Occupy movement gaining attention at WKU

Tyler Prochazka

WKU was occupied, not once, but twice, on Thursday.

An open forum concerning what the Occupy Wall Street movement is and the second meeting for Occupy WKU both took place.


Noelle Johnson, a student worker at the Institute for Citizenship and Social Responsibility, called the meeting about what the Occupy movement is a “spur of the moment event” meant to educate people about the demands from the Occupy Wall Street protests.

WKU faculty and staff and even members from the community attended the event. Many said they were “curious” to find out what the movement meant.

One community member at the open forum, Dan Givens, said he has been anti-war since 1969 when he protested the Vietnam War. He said he went to Washington D.C. this month to protest the wars in Afghanistan and Iraq as well as class inequalities.

“Rich people (on Wall Street) are staying in hotels that are like palaces and you can see homeless people living in garbage,” he said.

Givens also linked the economic situation with the conflicts in the Middle East. The money spent on the wars should be spent in the United States instead of weapons that are “only good for killing people,” he said.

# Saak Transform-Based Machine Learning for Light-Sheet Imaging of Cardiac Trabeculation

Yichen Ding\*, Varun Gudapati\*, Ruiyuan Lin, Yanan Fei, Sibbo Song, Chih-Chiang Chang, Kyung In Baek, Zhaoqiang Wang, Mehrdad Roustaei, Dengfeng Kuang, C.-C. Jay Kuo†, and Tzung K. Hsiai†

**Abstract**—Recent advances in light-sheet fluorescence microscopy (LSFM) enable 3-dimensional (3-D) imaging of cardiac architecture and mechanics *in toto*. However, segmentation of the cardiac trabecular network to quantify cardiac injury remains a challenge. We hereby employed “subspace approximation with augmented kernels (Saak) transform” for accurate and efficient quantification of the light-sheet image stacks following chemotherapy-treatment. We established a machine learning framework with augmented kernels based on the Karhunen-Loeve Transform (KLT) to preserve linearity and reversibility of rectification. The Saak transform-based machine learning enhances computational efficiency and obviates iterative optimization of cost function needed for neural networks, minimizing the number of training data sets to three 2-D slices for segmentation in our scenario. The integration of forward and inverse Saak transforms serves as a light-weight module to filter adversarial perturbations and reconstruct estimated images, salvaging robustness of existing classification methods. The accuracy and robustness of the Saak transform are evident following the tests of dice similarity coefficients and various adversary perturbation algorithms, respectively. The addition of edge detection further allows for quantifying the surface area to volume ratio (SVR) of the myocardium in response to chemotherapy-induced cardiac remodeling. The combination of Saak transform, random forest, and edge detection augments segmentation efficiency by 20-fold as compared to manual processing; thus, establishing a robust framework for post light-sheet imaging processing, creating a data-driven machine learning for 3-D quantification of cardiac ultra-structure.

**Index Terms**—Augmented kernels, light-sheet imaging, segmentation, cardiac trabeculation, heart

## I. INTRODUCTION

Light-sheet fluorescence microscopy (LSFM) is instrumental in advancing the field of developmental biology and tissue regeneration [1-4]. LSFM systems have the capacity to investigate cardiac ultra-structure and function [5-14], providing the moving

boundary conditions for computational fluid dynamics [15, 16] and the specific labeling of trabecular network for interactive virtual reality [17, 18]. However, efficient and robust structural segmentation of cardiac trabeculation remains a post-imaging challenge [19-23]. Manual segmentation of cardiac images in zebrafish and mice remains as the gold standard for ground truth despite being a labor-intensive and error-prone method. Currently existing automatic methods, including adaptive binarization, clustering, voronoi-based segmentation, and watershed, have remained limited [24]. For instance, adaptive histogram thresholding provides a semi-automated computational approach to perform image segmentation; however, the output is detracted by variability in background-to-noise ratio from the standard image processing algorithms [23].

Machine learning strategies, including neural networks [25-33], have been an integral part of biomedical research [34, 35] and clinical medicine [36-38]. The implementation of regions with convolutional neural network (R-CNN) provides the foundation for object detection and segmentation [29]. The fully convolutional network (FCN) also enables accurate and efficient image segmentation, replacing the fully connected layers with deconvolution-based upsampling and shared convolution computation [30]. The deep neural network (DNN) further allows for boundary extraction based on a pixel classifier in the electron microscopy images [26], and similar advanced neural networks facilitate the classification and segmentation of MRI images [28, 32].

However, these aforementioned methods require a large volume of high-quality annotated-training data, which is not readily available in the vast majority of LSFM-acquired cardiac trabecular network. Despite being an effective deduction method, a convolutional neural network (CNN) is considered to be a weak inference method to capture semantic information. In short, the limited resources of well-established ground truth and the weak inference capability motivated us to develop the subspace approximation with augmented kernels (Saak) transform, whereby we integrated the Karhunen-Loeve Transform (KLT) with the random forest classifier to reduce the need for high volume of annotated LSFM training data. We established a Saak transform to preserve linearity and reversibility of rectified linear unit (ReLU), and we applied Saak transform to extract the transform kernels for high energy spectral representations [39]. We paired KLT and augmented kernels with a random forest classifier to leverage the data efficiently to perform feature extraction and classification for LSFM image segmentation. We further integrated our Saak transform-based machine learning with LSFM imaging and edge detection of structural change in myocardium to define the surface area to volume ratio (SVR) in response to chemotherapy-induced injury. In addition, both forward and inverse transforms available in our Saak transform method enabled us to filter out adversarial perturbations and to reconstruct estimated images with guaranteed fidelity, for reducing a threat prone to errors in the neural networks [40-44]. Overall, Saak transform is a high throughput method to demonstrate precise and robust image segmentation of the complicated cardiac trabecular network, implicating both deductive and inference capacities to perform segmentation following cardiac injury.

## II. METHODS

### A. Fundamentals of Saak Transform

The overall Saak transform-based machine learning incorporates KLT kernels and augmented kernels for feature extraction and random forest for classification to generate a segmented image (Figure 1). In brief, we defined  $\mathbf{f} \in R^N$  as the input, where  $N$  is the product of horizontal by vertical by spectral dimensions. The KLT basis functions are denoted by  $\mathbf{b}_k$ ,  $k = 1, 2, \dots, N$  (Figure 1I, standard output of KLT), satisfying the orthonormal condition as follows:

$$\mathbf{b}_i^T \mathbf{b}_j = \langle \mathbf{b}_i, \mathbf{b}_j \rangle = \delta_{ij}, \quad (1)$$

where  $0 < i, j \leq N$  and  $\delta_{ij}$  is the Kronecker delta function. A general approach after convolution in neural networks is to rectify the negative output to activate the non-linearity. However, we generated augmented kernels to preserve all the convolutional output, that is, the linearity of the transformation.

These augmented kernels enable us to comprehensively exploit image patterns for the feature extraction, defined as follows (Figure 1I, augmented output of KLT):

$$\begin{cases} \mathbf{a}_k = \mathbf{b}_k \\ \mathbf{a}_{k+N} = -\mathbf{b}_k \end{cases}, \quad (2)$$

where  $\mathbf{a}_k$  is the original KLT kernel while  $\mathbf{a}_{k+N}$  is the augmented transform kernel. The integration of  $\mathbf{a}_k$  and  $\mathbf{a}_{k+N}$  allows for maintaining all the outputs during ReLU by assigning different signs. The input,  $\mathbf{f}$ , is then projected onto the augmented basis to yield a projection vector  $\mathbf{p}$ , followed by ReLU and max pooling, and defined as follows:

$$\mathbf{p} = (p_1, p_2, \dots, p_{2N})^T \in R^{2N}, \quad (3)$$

At the second Occupy WKU meeting, the group had nearly doubled in size. There were discussions about linking the group with the Occupy Bowling Green group and even holding a candle light vigil for the middle class next Thursday.

Student Emily Gillespie has participated in the Occupy Lexington protests. She echoed many Occupy protesters, and said she is going to have about $100,000 in student loans. 

Gillespie said that these types of problems are “systemic” issues.

“They are trying to say that only 1 percent of us have extreme wealth and the rest of us are kind of suffering,” Gillespie said.

Environmental concerns have also been connected to the movement, particularly concerning global warming and the “blocking” of alternative energy by oil companies.

Senior Josh Brown, who also went to the D.C. protests said the movement has been structured to make sure everyone has their voices heard through General Assemblies. Some of these meetings take three to four hours, Brown said, but this is to ensure that everyone’s opinion is accounted for.

Brown contrasted this to the current political environment.

“The extremely wealthy have the power, and we don’t and that’s not anything like a democracy,” he said.

Some in the group voiced worries that this type of consensus was not sustainable. One attendee said that all of the different goals of the movement will cause “fractioning.”

Another agreed and said he does not think the protests can “get anything done,” and that “no revolutions have succeeded peacefully.”

At the Occupy WKU meeting, though, one of the founders of the group sophomore Peyton Crenshaw felt the movement was starting to “scare” corporations that there will be change.

“They are starting to take us seriously,” she said.